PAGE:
Michael Wang stared at the letter in dismay.
It marked the sixth Ivy League university he had been rejected by, out of the seven he had applied to. In addition to his perfect ACT score and grade-point average, he was ranked third nationally in piano, sang at President Barack Obama’s inauguration, and had received accolades in many debate competitions.
When Wang realized that people with lesser qualifications than his were getting accepted by the Ivies, he suspected that something else was afoot: It wasn’t his qualifications keeping him from his dream, it was his Asian last name.
That explains why in May 2015, he, along with 64 Asian groups, filed a complaint with the federal Department of Education against Harvard University, which is now under investigation for its affirmative action policy.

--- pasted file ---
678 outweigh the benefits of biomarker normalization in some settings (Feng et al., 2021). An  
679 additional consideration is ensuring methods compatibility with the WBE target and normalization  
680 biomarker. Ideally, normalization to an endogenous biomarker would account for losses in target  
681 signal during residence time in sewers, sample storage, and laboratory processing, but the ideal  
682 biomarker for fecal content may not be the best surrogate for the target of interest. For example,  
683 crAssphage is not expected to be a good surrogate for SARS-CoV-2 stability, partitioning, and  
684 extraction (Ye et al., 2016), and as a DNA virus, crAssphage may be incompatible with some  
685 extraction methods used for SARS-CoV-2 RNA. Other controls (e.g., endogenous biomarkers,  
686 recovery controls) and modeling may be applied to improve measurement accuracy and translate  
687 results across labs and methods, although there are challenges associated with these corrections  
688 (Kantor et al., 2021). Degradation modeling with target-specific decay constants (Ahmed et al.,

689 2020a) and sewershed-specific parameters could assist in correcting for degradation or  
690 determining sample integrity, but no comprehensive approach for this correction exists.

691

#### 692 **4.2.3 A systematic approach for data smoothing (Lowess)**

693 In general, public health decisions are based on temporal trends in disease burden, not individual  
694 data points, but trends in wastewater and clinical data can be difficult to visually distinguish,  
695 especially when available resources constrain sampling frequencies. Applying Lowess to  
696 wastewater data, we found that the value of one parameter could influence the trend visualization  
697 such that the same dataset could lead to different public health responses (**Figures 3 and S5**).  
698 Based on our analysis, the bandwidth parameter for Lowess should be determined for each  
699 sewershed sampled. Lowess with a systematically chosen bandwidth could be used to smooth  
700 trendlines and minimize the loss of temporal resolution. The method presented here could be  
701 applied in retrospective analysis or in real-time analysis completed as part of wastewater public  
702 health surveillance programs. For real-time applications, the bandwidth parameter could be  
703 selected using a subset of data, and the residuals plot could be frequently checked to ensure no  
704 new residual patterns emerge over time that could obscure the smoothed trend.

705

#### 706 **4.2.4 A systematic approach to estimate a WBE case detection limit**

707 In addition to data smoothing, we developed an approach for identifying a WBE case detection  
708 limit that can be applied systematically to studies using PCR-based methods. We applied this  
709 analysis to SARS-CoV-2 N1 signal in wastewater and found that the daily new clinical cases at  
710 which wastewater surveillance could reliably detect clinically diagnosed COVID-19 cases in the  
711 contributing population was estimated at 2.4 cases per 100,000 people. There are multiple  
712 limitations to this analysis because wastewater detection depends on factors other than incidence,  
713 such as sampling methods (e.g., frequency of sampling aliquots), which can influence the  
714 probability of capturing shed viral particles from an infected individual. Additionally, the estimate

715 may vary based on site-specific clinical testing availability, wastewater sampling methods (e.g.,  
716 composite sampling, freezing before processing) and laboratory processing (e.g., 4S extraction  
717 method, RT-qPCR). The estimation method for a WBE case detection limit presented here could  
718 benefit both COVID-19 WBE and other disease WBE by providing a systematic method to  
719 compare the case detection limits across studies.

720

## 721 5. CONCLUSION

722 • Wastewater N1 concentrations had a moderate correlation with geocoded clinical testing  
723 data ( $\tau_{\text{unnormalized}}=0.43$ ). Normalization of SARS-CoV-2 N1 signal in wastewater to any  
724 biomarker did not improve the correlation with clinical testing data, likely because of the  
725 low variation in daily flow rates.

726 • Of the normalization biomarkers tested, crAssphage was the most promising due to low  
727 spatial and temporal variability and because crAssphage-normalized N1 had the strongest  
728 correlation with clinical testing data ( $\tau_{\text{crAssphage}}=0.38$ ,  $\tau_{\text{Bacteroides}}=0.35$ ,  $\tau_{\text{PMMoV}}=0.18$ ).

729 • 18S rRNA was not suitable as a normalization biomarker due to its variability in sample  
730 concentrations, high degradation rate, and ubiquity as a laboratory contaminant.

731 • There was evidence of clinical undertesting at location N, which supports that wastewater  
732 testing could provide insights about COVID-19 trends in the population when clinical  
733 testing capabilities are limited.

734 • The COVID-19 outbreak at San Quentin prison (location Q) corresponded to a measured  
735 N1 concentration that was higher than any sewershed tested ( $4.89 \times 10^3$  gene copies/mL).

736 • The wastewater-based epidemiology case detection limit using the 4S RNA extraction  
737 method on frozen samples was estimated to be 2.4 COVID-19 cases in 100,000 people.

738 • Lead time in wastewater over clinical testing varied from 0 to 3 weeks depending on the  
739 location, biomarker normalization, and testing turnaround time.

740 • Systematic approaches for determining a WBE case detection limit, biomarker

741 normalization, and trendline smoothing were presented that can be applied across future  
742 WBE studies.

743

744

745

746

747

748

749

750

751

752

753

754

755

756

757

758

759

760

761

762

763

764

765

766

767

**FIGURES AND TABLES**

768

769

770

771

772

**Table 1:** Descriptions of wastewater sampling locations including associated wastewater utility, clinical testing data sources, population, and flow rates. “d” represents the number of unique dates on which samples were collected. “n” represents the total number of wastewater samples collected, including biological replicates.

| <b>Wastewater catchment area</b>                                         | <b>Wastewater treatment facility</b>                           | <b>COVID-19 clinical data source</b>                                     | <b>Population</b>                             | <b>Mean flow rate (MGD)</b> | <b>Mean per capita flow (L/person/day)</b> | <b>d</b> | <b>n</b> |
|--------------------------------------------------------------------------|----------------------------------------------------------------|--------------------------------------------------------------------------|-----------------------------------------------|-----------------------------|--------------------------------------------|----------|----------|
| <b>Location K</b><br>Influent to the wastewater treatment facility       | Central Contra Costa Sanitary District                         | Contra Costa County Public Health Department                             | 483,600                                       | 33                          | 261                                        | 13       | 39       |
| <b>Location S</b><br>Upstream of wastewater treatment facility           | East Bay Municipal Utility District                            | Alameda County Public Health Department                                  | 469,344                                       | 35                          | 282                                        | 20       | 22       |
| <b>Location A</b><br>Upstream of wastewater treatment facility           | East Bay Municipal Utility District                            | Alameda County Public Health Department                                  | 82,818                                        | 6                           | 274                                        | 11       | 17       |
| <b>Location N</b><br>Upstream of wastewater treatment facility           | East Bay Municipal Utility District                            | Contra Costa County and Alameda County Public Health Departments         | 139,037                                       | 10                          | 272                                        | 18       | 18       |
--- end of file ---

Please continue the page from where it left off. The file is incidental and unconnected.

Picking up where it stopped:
Article VI of the Civil Rights Act prohibits educational institutions that receive federal aid from discriminating based on race. Owing to allegations of discrimination advanced by Asian-Americans, the Justice Department has asked Harvard to produce documents that will help shed light on its admissions process.
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